I easily reached the other side and did a quick visual scan: No signs! Awesome! I guess most people don’t bother to cross the creek to camp so no need for restoration.   Treading lightly, I conscientiously searched for a spot where I would leave the smallest imprint to call home for the night.

When planning for this hike I saw Facebook posts, books and articles advising on the best camping spots on the trail. I scoffed at the idea of camping in worn out back-country campgrounds.  For me, doing the John Muir Trail was about experiencing “true wilderness” as much as possible – much like John Muir did (despite the crowds I knew I’d encounter).  My imagination led me to virgin spots where I could experience the natural, untouched solitude of life on the trail. Huddling in dusty camper corrals with everyone else, where a million people have camped before isn’t how my adventure played out in my imagination.  I suppose that goes against my self-proclaimed Leave-no-Trace (LNT) Nazism a little bit, but I’m diligent and step carefully. I’m determined to enjoy unspoiled lands and leave no visible sign I was here for the next adventurers who seek the same.

Morning views Tyndall Creek camp
Morning views Tyndall Creek camp

And now camp is set up more than 100 feet from the creek tucked away in the field of boulders of every size and shape, closer to the Shepherd Pass trail than the JMT.  I pitched my tent on crushed rock,  doing my best to avoid the short yellowish-brown tufts of grass that would be crushed underneath my weight. When I leave no one will know I was here.

I’m absolutely exultant. This place is magical, awe-inspiring, breathtaking and profoundly serene.  I can’t wait to wake up to clear blue skies and the morning views that await. Like every other night out here so far, I’m optimistic that tomorrow I’ll wake up to another smoke-free morning. The smoke wasn’t as bad today as yesterday, but I saw it, still flooding the Crabtreee Meadow valley as I crossed Bighorn Plateau.  I’m keeping my fingers crossed that it will only get better as I travel north.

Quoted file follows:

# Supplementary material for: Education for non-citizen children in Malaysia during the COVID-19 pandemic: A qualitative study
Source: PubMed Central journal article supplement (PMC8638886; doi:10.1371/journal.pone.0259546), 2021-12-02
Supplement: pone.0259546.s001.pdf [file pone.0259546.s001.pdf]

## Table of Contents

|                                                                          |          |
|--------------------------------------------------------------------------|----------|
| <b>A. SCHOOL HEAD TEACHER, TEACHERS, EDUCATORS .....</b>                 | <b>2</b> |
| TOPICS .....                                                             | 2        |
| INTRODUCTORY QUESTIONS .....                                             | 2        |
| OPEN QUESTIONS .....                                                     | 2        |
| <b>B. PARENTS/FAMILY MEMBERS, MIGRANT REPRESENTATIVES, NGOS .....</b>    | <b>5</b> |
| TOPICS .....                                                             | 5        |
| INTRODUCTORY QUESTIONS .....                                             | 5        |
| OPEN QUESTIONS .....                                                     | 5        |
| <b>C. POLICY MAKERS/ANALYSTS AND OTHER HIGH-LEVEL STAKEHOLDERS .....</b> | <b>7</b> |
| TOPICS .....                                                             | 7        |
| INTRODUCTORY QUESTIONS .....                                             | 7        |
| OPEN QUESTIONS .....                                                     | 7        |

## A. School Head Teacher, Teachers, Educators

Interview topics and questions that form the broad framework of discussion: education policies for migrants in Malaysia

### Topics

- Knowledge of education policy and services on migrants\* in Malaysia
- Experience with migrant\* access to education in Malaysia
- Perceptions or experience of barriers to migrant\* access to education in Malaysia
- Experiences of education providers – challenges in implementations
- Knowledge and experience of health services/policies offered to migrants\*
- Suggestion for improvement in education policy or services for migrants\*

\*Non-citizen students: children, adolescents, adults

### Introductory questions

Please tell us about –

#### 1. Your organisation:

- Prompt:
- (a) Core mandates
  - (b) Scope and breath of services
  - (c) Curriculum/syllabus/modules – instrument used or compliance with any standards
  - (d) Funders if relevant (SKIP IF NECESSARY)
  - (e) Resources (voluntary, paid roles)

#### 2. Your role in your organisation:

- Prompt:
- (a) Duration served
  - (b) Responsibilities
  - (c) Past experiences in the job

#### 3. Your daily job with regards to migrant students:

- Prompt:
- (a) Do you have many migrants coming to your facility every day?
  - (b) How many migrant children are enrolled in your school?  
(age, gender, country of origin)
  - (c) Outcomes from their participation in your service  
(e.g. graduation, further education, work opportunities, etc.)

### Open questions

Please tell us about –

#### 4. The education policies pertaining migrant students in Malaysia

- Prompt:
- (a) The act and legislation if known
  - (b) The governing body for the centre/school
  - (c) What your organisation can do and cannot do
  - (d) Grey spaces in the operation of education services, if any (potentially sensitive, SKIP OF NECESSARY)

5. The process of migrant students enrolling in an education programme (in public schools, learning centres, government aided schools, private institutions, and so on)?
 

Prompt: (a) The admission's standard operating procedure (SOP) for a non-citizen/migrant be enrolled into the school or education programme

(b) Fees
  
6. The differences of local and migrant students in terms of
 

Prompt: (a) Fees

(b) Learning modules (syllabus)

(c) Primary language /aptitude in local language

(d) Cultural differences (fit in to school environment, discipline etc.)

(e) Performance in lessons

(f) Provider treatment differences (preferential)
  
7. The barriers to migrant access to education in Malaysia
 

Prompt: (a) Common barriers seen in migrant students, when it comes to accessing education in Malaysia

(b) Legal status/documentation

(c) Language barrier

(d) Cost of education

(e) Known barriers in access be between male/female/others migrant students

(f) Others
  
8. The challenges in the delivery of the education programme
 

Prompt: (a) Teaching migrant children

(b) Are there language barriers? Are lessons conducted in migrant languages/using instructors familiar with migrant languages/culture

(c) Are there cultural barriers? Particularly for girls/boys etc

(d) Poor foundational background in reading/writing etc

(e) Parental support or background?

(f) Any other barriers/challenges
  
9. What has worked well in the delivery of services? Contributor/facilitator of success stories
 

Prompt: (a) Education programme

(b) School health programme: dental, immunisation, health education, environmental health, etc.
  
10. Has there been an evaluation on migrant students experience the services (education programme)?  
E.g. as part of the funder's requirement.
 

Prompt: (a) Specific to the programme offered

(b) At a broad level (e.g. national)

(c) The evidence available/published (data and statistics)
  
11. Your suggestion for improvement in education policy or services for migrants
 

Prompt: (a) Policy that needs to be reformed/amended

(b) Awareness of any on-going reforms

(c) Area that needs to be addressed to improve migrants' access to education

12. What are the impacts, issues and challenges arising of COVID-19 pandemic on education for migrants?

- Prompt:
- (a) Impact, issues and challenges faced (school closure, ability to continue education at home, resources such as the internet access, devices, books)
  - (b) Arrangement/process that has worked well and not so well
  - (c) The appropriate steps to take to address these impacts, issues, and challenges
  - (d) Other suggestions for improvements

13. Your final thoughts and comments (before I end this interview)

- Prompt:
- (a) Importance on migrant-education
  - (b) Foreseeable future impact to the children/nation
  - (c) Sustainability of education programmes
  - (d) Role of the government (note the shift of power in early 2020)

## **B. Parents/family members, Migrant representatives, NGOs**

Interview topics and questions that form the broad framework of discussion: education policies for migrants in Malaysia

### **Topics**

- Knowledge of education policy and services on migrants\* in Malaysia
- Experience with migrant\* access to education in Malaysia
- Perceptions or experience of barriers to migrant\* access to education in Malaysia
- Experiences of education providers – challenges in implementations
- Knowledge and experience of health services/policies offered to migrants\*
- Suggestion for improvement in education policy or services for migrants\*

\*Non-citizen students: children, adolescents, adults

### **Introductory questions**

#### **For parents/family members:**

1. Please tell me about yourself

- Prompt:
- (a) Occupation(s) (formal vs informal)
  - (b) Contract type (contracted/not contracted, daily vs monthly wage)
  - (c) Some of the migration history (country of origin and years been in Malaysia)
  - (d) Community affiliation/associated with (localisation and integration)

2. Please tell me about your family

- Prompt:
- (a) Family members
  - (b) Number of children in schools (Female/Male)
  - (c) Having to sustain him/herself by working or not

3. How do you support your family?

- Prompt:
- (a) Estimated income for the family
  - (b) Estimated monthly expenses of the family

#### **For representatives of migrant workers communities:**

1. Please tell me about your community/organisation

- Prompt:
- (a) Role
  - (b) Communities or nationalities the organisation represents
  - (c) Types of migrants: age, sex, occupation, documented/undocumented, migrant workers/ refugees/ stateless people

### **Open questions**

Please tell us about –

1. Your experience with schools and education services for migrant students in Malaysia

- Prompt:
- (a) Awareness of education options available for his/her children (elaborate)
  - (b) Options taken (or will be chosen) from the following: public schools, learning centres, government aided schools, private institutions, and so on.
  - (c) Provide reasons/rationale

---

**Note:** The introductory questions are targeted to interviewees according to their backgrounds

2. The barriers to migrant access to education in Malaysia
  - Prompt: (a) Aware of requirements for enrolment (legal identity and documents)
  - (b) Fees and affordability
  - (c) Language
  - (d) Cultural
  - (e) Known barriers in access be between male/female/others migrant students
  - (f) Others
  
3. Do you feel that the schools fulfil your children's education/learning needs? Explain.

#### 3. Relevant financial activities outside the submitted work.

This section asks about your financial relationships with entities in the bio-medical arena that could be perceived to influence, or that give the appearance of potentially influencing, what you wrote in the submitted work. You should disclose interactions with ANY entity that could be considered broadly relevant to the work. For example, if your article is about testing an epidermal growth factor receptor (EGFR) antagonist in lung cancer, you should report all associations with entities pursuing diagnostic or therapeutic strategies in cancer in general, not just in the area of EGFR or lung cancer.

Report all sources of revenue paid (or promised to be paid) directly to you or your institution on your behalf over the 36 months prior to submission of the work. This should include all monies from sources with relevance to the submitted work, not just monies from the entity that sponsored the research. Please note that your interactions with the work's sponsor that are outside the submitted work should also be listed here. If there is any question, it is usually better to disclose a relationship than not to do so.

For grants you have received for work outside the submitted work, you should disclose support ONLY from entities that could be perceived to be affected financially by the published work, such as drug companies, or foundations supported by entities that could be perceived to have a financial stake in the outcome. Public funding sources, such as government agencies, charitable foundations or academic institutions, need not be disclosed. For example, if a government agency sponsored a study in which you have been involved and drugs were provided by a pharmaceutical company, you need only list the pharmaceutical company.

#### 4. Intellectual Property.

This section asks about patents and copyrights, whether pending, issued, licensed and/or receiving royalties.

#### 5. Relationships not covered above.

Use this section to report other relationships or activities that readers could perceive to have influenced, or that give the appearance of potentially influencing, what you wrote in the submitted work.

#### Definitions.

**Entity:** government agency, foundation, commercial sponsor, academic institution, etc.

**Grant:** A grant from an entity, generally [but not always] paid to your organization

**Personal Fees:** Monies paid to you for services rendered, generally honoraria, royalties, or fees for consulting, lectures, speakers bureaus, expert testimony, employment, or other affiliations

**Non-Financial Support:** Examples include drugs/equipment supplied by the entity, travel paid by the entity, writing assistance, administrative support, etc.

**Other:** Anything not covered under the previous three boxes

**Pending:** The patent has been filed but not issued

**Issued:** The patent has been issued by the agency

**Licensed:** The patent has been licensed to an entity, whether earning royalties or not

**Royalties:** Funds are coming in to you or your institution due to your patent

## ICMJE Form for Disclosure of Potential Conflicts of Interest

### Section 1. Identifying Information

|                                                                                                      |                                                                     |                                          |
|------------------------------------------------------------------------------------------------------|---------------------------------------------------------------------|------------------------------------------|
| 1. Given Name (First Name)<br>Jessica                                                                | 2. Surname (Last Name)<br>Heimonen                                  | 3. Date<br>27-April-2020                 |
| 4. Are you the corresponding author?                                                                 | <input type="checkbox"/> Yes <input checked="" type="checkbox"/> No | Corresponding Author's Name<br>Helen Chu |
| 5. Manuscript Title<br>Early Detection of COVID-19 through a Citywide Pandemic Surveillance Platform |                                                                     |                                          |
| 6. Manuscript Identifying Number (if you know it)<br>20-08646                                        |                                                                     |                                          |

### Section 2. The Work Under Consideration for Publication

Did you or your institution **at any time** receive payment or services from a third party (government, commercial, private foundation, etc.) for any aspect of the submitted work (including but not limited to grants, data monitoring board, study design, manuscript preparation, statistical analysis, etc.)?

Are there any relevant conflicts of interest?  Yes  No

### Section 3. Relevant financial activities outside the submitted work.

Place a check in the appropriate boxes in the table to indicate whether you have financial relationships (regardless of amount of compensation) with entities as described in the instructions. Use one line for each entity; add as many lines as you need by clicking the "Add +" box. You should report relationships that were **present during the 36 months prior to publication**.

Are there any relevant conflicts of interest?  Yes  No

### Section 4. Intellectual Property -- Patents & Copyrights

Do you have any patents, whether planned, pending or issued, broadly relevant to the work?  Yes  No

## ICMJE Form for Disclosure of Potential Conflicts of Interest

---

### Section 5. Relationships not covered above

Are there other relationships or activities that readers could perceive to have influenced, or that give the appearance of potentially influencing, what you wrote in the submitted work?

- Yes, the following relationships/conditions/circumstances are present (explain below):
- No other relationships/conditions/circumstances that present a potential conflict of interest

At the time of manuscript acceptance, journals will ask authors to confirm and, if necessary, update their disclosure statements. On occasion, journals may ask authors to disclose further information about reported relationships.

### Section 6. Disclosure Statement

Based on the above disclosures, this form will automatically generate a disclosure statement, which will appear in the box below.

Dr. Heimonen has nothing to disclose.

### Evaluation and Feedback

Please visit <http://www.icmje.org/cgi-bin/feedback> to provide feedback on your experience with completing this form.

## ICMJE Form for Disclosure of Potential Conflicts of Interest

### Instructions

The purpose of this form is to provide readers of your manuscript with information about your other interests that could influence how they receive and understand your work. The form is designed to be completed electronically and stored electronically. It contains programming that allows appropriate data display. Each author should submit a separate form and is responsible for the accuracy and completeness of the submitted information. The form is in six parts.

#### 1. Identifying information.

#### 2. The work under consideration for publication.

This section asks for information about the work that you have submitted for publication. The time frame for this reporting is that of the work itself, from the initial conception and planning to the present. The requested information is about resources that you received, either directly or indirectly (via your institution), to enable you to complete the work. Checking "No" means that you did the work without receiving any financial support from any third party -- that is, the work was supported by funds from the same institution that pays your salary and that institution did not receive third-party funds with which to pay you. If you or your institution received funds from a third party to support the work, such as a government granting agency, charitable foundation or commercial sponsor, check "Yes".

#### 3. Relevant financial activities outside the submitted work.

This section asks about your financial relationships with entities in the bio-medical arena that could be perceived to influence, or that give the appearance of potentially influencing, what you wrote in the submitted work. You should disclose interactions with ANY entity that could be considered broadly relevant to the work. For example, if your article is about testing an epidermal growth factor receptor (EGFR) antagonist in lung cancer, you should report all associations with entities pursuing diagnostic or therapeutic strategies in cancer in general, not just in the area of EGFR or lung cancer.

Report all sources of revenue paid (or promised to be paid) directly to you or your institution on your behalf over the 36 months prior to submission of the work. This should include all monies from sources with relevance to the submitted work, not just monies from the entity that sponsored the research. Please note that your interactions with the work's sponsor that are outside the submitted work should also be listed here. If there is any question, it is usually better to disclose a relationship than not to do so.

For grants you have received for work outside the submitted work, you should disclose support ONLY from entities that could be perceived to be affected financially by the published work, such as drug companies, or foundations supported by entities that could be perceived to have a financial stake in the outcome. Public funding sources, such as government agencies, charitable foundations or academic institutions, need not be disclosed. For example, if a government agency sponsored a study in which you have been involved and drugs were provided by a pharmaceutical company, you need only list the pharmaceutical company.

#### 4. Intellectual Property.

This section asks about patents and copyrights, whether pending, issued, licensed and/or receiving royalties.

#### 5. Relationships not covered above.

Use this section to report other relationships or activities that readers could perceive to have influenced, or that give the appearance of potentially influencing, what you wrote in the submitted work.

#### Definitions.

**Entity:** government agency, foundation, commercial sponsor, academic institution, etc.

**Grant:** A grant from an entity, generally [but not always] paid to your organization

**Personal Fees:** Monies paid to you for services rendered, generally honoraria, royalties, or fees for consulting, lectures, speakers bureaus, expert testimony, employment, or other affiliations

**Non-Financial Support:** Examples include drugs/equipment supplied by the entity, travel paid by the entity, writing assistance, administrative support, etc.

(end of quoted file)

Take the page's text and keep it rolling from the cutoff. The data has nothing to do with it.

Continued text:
The easy 8 mile day I thought I was going to have today turned out to be not–so-easy.  I’ve made up my mind: the Tom Harrison Maps LIE! They lie about mileage and they especially lie about elevation. I swear I didn’t see all the elevation I climbed today on my map. I guess it could be I’m just not very good at reading those tiny little topo lines that are supposed to represent 40 feet intervals. 40 feet my ass – more like 4 HUNDRED feet.   So I hiked mile after mile after mile this afternoon thinking, I should be there by now. Where is Tyndall Creek? Did I pass it already? Did I miss it somehow? Am I even on the John Muir Trail? Pulling out my map every mile or so to make sure I hadn’t missed an important turn off or walked right by my destination.

In my frustration I half-jokingly came up with a new business idea: I’m going to create my own maps.  On my maps, all elevations and mileages will be exaggerated. For example:  when you study your map to plan your day you’ll think you have  12 miles and 2000’ elevation gain to get to your destination,  but it will actually only be 8 miles and 1000’.  That way, you’ll be ecstatic when your destination is so much closer and easier than you expected! I’ll call them the “Surprise and Delight” maps with the tagline:  “Hike further with less effort.”  I know this “brilliant” idea is completely ridiculous, but it kept me amused on my alleged 8 mile hike today. dnner at tyndall creek